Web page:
Two House Democrats are urging Congress to investigate oil and gas spills caused by massive flooding in Colorado – a state where the number of oil and gas wells has doubled since 2006, when horizontal drilling and fracking were introduced.
Congressmen Jared Polis, D-CO, and Peter DeFazio, D-OR, in a letter sent Friday to the House Natural Resources Committee, called for a hearing on the spills. DeFazio is the committee's senior Democrat.
“Not only have my constituents been dealing with damage to their homes, schools, and roads, they are increasingly concerned about the toxic spills that have occurred from the flooding of nearly 1,900 fracking wells in Colorado,” Polis said in a press release. “Congress must deal with this issue to ensure that natural disasters do not also become public health disasters.”
Eight people were killed and thousands displaced by what some called a once-in-a-millennium storm. Now that the water has receded, oil and gas industry teams have been able to get into the field to inspect the damage.
Colorado’s Oil and Gas Conservation Commission (COGCC) said in its latest report Thursday that it was tracking 12 spills, 14 sites with evidence of a small spill, and 60 sites with visible damage to storage tanks.
“People dealing with aftermath of a catastrophic natural disaster don’t need to worry that their health is at risk because of oil and gas spills,” DeFazio said.
Noble Energy, which operates more than 8,000 active wells in northern Colorado, reported at least four spills totaling roughly 9,000 gallons. In the wake of the storms, the Houston, Texas-based company said in a press release that, "Protection of human health and the environment remain Noble Energy's top priorities as we continue to move forward."
In the Democrats’ letter to the House committee, Polis and DeFazio said it would be beneficial to learn more about how disasters like this can impact local communities.
“We respectfully request that you hold a committee hearing as soon as possible so that we may fully understand the potential grave consequences resulting from this flood,” Polis and DeFazio wrote.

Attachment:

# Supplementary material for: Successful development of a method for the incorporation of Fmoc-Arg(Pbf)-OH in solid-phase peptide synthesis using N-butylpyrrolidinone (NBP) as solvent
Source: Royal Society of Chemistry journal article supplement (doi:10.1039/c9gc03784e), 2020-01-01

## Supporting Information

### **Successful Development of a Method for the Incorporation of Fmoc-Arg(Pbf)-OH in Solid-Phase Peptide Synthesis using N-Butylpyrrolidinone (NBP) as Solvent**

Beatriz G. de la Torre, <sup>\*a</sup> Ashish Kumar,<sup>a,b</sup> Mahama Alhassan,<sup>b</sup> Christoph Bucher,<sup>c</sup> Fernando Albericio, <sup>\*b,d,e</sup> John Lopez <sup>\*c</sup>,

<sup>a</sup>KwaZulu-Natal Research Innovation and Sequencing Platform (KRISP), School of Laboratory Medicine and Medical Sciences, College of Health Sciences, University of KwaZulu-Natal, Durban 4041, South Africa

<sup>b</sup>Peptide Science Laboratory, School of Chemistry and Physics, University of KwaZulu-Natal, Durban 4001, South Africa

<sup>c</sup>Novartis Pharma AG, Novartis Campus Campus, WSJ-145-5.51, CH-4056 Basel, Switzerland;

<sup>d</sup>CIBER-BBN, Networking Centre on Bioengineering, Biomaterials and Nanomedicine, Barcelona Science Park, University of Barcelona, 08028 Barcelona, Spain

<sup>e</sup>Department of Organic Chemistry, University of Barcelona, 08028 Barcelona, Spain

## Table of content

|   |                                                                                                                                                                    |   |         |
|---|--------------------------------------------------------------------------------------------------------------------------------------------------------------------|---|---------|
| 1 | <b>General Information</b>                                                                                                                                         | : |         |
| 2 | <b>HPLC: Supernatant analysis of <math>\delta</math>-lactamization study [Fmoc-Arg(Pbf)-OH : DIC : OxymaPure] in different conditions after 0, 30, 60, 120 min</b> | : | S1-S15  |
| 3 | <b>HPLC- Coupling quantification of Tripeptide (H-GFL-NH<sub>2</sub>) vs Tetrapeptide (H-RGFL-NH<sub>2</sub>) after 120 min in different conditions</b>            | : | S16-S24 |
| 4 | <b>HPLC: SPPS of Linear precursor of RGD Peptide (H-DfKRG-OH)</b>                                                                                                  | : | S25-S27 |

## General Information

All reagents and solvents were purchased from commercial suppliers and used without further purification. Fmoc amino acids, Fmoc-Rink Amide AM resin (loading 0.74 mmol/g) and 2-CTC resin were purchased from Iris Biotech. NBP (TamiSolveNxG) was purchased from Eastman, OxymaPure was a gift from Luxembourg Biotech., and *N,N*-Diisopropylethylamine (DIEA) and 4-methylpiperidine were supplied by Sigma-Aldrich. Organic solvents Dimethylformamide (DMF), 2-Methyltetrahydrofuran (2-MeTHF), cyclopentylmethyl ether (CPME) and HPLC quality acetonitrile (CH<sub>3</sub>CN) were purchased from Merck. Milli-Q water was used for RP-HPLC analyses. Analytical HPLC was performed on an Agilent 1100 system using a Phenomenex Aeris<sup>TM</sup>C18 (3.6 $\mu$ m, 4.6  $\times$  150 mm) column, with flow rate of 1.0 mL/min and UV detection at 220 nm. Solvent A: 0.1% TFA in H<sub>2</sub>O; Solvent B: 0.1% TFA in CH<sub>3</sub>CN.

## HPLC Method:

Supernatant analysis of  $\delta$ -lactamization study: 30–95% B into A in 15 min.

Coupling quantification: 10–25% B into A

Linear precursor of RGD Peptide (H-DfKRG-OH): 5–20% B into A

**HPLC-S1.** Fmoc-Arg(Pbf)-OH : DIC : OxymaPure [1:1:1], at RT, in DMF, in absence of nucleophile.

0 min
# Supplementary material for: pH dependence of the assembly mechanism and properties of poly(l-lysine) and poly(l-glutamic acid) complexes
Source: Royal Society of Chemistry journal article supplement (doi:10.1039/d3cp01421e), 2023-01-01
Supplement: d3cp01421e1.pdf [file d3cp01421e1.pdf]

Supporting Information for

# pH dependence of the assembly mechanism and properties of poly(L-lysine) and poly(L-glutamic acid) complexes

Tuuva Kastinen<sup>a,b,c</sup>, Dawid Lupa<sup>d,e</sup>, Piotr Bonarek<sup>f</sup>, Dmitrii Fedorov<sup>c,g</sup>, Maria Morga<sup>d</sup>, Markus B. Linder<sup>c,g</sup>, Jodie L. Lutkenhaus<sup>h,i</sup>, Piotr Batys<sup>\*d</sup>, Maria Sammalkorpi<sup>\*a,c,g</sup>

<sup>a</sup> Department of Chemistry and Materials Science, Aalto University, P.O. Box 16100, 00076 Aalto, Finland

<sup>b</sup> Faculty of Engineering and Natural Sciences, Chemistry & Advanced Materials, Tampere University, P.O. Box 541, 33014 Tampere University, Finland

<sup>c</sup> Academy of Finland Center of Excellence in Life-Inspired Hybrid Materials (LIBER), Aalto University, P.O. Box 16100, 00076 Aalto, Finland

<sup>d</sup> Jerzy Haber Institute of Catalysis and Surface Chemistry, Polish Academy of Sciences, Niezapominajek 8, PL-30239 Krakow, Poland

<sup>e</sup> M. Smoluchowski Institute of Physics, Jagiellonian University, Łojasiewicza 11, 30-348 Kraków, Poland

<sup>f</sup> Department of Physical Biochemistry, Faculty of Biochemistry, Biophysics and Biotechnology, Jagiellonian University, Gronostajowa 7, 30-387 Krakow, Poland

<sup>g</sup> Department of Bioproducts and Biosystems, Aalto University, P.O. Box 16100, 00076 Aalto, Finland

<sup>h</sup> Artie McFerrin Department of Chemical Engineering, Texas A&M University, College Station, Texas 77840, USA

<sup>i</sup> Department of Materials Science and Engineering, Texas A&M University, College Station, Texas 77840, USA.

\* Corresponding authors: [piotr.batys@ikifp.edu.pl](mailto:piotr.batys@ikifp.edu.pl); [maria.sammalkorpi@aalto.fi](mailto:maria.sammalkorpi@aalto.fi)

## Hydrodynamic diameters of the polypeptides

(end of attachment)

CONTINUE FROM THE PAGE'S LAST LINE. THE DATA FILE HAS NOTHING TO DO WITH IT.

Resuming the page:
COGCC said it has teams in the field who have inspected 736 well locations and covered about 70 percent of the flood-affected area.
Colorado's Department of Public Health and Safety warned residents about untreated sewage possibly contaminating the floodwaters but did not mention risks posed by oil and gas leaks, saying: “Flood waters may have moved hazardous chemical containers of solvents or other industrial chemicals from their normal storage places.”
But photos of leaking fracking fluid, oil spills, natural gas blow-outs, and toppled tanks have united local environmentalists to echo the call for tougher regulations.
“The state's regulations are very weak — which is why this debacle and contamination occurred in the first place — and do not protect the public or the environment, and so federal oversight is sorely needed," Gary Wockner, of Clean Water Action, said in a press release.
The floods began on Sept. 11 and devastated much of northeastern Colorado, including Weld County – the most heavily drilled county in the United States, with over 20,000 active oil and gas wells.
Drilling and storage sites often operate in close proximity to homes and schools despite some local resistance. The town of Greeley, in Weld County, attempted to ban drilling within its city limits but a 1992 Supreme Court case struck down the ban.
State regulations indicate that local governments can’t deprive anyone of their “mineral rights” – meaning they cannot prevent an energy company from drilling as long as it’s done within the state’s regulations.
“Because the oil and gas industry is extremely powerful in Colorado, they basically fight every regulation and control much of the state government to make sure they don’t have to do everything they can to protect the public’s health and the environment,” Wockner told Al Jazeera.